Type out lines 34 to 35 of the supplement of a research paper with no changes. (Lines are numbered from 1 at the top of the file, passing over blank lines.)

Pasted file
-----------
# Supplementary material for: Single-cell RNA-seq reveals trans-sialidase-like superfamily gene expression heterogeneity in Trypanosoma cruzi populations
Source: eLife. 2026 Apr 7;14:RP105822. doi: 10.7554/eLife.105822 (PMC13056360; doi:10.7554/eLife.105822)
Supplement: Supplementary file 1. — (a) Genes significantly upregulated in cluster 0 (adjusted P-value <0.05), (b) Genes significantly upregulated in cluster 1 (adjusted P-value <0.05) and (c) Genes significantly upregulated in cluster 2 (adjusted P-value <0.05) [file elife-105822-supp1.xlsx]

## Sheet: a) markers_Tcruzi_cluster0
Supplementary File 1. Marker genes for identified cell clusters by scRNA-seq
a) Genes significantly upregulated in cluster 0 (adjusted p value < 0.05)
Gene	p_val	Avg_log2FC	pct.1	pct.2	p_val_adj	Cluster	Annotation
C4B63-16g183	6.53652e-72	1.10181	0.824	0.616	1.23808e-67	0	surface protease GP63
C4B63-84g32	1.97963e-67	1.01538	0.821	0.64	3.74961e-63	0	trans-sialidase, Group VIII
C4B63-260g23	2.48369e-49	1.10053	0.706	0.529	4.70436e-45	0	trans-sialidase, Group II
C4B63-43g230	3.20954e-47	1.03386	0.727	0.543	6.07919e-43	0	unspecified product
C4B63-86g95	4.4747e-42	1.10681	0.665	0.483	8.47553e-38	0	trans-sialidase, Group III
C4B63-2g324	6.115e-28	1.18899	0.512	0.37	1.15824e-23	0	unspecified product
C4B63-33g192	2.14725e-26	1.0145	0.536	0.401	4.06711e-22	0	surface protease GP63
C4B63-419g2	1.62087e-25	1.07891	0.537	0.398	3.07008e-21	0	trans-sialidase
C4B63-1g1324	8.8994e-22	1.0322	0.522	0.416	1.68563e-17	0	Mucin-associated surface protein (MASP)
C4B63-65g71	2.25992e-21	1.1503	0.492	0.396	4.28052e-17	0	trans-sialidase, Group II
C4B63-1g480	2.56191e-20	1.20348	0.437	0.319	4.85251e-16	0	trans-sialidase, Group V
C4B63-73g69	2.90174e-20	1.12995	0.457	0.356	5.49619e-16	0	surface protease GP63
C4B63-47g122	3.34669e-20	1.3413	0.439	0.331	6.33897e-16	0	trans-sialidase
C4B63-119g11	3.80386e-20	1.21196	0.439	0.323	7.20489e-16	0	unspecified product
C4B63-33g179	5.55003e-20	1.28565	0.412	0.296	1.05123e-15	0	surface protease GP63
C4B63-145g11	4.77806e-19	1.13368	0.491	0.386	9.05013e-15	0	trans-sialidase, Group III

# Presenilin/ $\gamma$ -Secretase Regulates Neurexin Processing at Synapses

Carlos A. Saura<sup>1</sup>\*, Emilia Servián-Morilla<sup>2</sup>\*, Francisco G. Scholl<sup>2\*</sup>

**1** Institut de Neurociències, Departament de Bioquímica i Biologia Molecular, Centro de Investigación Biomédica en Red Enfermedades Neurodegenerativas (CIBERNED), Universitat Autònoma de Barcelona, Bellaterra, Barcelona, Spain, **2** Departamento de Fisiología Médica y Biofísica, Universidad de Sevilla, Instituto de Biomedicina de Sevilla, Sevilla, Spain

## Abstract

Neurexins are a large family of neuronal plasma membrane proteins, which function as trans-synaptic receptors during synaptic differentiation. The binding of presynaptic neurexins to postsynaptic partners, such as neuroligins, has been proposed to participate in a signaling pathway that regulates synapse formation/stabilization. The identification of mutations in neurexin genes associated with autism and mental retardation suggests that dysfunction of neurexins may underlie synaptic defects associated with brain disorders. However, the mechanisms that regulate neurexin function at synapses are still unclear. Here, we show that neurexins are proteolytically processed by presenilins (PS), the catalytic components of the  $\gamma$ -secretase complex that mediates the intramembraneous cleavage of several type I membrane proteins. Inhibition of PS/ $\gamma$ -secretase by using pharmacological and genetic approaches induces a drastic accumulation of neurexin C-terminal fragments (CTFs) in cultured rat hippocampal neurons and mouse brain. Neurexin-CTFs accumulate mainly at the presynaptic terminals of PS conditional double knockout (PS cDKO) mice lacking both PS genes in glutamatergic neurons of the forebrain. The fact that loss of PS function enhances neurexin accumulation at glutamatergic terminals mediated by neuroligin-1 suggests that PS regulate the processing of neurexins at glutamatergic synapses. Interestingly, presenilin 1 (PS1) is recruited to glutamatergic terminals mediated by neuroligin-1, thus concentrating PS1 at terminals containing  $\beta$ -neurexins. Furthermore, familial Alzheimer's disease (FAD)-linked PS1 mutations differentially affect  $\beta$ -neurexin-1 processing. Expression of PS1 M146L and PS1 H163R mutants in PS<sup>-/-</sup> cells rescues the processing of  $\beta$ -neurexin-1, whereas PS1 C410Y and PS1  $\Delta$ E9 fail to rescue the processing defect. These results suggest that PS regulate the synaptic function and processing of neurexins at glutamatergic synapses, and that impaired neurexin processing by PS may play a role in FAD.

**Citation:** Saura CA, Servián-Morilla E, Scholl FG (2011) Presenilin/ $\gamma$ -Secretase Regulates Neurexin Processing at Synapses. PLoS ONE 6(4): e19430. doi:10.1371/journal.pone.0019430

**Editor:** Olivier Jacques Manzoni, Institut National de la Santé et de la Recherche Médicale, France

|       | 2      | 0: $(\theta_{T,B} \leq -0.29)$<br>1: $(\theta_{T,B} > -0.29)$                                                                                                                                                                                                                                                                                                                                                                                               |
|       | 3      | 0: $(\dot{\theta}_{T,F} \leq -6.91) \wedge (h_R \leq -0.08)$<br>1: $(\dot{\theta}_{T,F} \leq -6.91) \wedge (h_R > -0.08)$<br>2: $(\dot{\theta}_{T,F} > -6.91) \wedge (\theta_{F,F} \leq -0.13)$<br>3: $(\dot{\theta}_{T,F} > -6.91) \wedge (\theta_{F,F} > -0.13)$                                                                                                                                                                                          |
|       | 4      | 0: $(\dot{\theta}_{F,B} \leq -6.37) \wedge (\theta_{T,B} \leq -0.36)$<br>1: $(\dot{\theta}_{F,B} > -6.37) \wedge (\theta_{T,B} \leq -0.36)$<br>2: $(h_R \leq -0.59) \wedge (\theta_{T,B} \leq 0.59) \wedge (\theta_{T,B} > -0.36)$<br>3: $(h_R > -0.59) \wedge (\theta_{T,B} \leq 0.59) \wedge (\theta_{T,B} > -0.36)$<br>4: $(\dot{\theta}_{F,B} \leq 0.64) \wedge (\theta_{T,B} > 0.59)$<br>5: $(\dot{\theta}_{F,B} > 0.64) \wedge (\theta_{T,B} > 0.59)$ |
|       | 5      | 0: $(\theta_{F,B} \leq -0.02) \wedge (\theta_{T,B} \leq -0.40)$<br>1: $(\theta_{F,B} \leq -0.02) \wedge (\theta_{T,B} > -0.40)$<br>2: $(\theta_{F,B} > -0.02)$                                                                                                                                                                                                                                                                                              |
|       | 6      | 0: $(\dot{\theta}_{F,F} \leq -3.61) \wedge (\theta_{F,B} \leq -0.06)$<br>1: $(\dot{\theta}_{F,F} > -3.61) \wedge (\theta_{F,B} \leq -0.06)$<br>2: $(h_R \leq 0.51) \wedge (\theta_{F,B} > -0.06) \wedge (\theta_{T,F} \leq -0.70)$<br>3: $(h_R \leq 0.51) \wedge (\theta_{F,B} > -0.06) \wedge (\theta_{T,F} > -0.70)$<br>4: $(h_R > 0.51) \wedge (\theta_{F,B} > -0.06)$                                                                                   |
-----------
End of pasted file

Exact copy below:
|       | 5      | 0: $(\theta_{F,B} \leq -0.02) \wedge (\theta_{T,B} \leq -0.40)$<br>1: $(\theta_{F,B} \leq -0.02) \wedge (\theta_{T,B} > -0.40)$<br>2: $(\theta_{F,B} > -0.02)$                                                                                                                                                                                                                                                                                              |
|       | 6      | 0: $(\dot{\theta}_{F,F} \leq -3.61) \wedge (\theta_{F,B} \leq -0.06)$<br>1: $(\dot{\theta}_{F,F} > -3.61) \wedge (\theta_{F,B} \leq -0.06)$<br>2: $(h_R \leq 0.51) \wedge (\theta_{F,B} > -0.06) \wedge (\theta_{T,F} \leq -0.70)$<br>3: $(h_R \leq 0.51) \wedge (\theta_{F,B} > -0.06) \wedge (\theta_{T,F} > -0.70)$<br>4: $(h_R > 0.51) \wedge (\theta_{F,B} > -0.06)$                                                                                   |